The Wood Mac report, authored by the research director for the Lower 48, Maria Peacock, notes that the new efficiency gains would not have been possible just a few years ago because shale drilling operations were scattered over larger areas. Now, they have become more clustered, opening up opportunities for improvements such as downtime reduction.

Indeed, downtime reduction is, according to Peacock, a major feature of the new efficiency era in U.S. shale. "While tech improvements have been transformative, the greatest advances have come from eliminating downtime," she wrote.

Fracking, meanwhile, has become faster and cheaper, laterals have become longer, and richer companies have started fracking several wells simultaneously. All this has helped with the production boost—and with declining well productivity.

Related: Supply Concerns and Demand Optimism Are Boosting Oil Prices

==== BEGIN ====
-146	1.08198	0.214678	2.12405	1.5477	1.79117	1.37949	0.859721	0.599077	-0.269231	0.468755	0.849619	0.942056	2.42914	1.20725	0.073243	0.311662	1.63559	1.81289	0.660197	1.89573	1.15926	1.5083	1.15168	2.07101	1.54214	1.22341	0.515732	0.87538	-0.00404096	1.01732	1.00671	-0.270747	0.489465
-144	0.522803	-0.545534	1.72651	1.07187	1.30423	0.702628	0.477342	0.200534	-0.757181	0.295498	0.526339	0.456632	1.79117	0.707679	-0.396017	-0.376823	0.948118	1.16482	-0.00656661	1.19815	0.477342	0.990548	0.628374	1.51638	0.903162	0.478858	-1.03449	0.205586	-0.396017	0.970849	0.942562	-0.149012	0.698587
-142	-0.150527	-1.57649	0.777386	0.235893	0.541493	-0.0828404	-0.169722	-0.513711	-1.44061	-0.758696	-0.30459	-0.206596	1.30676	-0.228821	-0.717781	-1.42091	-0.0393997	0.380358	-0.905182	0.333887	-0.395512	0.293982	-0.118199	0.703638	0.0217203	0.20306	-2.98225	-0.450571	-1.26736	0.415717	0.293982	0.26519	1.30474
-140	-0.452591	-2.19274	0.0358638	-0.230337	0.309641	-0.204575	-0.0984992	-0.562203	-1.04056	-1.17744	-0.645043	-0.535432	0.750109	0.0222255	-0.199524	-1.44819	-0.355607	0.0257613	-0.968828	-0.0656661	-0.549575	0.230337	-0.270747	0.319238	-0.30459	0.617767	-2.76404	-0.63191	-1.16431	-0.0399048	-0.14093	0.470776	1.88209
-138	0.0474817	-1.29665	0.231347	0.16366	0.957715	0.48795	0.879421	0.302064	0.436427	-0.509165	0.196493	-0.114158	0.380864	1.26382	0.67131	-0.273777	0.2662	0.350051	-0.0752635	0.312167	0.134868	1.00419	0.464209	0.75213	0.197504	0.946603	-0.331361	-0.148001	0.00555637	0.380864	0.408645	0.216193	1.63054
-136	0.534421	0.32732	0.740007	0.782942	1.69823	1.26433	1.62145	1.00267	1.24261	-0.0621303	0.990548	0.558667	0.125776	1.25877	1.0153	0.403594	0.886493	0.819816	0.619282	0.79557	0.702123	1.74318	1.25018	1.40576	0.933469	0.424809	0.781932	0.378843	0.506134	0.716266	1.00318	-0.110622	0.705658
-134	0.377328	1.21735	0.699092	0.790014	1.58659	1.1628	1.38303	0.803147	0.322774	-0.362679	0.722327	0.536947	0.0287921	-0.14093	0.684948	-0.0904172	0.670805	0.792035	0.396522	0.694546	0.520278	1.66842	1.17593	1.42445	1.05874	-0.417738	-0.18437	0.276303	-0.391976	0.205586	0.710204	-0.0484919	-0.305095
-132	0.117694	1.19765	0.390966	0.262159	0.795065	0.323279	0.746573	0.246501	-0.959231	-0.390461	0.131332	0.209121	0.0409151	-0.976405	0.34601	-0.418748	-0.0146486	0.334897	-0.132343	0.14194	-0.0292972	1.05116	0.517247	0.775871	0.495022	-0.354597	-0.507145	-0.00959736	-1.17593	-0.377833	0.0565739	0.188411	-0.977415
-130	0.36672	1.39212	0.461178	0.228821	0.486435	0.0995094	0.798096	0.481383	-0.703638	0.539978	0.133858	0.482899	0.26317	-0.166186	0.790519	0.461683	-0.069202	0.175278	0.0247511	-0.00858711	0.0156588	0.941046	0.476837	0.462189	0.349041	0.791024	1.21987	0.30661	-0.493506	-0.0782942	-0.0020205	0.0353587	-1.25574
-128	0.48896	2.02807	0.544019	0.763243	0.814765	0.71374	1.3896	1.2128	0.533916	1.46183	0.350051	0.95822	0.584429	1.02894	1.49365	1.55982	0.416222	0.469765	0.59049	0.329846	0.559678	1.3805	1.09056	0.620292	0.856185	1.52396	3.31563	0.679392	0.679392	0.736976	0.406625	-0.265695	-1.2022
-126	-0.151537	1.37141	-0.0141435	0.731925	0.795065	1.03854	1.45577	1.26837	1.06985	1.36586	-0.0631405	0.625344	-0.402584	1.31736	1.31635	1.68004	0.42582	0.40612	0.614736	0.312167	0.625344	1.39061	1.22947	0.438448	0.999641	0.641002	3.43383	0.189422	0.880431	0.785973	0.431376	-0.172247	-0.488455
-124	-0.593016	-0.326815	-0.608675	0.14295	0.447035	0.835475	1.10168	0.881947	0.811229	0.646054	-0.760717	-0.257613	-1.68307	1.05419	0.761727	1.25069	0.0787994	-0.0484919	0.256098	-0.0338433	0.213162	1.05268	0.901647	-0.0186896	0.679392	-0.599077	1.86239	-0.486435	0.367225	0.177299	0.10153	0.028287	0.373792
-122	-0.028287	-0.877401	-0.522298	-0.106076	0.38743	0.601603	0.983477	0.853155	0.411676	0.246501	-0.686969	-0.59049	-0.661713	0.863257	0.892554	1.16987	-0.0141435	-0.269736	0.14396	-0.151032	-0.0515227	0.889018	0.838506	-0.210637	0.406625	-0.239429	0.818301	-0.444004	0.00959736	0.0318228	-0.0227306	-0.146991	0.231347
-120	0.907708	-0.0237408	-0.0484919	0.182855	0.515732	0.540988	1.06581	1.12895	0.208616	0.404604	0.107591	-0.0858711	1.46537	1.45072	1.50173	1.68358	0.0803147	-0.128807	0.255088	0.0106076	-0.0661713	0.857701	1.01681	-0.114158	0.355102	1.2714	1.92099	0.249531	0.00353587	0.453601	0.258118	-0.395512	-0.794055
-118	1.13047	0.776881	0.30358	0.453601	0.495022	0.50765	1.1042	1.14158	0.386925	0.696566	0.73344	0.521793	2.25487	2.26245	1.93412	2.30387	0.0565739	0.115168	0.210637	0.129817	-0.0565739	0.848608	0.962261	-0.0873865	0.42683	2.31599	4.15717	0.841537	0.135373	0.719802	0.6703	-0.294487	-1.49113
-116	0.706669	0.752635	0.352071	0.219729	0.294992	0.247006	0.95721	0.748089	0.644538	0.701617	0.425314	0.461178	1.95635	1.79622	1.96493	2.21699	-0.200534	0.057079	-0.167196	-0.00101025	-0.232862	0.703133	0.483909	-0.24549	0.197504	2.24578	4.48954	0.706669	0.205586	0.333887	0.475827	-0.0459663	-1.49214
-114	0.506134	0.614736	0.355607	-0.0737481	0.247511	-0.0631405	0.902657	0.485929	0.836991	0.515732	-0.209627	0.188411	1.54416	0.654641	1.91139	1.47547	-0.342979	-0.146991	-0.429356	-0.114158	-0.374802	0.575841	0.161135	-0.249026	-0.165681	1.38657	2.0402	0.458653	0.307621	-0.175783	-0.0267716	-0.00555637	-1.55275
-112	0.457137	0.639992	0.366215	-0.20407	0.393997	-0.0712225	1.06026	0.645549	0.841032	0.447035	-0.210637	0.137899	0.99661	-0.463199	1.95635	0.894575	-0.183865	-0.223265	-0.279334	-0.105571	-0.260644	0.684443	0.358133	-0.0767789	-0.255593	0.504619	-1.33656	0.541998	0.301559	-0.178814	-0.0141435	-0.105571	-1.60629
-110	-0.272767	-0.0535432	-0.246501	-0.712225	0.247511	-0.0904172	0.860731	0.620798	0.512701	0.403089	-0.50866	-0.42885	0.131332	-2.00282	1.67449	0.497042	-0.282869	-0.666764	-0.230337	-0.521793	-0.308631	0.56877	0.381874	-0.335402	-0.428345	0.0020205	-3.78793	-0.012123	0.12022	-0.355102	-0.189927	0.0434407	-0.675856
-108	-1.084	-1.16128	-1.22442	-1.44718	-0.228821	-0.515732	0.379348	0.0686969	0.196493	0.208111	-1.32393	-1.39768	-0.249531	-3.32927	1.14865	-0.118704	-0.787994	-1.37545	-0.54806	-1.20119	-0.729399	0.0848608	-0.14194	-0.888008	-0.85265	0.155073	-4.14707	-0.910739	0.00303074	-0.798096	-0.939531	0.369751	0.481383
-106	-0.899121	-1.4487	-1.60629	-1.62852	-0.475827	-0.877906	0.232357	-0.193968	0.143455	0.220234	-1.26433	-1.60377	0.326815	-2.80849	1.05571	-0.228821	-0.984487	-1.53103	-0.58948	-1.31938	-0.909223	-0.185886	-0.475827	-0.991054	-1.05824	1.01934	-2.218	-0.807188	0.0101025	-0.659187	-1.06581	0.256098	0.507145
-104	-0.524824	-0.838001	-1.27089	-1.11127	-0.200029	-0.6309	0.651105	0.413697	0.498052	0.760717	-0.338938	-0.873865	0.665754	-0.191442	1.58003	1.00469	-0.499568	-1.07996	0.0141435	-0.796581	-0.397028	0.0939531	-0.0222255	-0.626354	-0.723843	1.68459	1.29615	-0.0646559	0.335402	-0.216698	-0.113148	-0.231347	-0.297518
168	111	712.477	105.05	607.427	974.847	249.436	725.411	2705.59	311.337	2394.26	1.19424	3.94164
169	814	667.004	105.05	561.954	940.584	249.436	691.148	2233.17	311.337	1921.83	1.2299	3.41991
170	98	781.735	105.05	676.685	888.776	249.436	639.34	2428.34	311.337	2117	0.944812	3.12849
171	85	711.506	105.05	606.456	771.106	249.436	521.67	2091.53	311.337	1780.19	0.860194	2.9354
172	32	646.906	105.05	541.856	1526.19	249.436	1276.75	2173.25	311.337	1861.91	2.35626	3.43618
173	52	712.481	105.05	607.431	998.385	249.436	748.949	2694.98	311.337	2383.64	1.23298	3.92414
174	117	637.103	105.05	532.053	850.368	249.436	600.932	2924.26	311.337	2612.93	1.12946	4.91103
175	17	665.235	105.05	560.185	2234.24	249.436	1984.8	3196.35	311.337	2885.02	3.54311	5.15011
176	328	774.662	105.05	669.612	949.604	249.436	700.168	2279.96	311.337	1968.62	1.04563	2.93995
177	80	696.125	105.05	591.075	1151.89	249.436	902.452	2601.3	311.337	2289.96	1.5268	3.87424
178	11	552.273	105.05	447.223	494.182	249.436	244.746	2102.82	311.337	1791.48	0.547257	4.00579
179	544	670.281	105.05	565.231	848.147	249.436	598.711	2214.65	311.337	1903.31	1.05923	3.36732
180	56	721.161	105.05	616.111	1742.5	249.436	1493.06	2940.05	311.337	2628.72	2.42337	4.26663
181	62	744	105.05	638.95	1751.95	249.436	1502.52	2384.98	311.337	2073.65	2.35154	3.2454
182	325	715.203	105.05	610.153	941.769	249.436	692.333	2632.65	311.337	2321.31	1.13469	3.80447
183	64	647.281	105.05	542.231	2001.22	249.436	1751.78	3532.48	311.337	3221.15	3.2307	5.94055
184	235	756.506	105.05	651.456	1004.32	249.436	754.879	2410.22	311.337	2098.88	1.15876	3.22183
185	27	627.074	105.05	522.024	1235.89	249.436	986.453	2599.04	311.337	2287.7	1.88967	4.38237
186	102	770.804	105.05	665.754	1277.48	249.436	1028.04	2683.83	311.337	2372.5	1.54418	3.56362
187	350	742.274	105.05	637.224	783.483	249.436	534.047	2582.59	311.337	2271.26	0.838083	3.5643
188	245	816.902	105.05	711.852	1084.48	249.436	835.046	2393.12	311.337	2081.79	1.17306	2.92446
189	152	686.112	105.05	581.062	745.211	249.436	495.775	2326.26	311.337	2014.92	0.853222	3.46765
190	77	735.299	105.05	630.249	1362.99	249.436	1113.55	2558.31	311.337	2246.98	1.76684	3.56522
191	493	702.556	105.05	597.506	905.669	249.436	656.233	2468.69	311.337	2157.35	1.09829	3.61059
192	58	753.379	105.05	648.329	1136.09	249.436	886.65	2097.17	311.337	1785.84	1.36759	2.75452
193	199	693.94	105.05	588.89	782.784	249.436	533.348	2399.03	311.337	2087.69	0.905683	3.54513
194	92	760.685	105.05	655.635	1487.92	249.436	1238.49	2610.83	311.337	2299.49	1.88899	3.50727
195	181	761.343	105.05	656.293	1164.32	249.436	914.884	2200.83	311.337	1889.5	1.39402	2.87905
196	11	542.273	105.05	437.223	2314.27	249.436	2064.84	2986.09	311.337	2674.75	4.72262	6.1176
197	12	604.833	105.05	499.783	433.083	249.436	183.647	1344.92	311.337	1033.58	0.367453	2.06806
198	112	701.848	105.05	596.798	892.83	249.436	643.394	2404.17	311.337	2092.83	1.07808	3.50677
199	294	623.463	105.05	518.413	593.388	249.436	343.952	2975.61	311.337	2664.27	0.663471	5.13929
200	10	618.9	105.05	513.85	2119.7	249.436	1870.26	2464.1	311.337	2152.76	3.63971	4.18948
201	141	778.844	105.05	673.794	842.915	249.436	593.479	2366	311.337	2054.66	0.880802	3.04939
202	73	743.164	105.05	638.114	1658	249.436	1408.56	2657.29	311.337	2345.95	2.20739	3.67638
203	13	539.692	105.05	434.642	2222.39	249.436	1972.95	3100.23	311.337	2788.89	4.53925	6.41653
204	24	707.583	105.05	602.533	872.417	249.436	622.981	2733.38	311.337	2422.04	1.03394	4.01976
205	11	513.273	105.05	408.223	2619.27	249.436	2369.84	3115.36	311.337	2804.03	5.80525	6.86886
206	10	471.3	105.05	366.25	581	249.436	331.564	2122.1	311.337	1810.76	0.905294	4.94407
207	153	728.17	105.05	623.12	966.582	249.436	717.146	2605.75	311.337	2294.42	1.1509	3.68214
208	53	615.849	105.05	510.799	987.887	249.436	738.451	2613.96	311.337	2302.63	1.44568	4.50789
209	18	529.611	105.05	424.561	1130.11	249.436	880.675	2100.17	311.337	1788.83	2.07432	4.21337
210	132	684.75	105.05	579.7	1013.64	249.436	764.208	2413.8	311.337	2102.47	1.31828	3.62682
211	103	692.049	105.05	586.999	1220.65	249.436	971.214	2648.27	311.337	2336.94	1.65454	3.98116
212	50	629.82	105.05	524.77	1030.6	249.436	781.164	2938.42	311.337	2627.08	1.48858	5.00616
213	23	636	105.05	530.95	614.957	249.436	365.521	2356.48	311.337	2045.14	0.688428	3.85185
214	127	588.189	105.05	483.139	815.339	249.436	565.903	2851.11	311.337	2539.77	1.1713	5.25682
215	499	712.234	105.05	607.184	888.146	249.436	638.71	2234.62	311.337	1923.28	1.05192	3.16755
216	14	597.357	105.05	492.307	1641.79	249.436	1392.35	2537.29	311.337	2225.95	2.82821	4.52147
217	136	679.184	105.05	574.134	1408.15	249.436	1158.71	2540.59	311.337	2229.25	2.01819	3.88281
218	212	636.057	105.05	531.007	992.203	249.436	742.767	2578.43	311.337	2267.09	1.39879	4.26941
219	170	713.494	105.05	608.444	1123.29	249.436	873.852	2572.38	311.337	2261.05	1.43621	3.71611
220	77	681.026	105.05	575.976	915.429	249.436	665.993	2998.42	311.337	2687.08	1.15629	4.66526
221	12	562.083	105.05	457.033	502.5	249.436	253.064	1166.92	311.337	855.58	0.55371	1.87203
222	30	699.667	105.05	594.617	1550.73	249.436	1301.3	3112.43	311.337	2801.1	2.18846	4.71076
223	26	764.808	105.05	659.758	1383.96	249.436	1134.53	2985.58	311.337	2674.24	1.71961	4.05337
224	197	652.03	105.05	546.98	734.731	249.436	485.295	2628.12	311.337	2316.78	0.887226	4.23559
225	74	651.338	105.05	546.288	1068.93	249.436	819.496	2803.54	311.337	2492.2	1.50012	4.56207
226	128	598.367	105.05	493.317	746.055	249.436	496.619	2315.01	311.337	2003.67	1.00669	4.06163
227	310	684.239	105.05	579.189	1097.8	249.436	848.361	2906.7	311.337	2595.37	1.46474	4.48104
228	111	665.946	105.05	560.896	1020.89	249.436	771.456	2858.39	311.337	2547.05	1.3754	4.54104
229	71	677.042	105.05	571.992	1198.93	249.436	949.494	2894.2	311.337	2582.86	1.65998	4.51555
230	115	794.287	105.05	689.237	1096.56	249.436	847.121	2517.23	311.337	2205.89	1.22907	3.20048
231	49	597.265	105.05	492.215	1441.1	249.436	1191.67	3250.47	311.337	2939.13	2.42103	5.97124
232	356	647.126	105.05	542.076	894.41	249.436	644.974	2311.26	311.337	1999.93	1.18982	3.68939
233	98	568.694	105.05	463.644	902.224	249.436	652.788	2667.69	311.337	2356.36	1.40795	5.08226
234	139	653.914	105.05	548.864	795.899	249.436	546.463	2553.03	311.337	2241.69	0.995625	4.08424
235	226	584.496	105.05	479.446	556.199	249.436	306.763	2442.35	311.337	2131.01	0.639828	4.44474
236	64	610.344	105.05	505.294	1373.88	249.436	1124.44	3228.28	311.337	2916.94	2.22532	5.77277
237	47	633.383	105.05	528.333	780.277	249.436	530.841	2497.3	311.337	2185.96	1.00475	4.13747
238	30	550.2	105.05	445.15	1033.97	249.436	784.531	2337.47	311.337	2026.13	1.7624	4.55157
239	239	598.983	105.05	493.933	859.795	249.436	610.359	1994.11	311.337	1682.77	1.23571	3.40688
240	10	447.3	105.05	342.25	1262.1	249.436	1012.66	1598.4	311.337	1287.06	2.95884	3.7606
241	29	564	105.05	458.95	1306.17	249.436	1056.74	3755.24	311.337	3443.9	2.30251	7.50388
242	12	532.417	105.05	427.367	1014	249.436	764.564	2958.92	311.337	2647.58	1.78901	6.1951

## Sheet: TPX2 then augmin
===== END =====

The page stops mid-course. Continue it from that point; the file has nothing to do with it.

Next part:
Well productivity in the Permian, as Reuters reported back in April, citing Enverus data, has shed 15% since 2020. This was not exactly an unexpected development, given the nature of shale oil reservoirs and the nature of fracking. In fact, the faster well depletion in shale as compared with conventional oil wells has often been cited by contrarian analysts as the reason for their bullish outlook on oil prices. And yet, U.S. output has just continued rising.

SimulFrac

This seems to have created the perception that U.S. crude oil output will continue to rise at the same pace for all eternity, regardless of international prices, because of the constant drive to boost efficiencies and reduce costs. However, the efficiency boosts have come with a price, and that price is higher production costs on top of the decline in well productivity. In fact, the higher costs have come in part because of that decline in well productivity.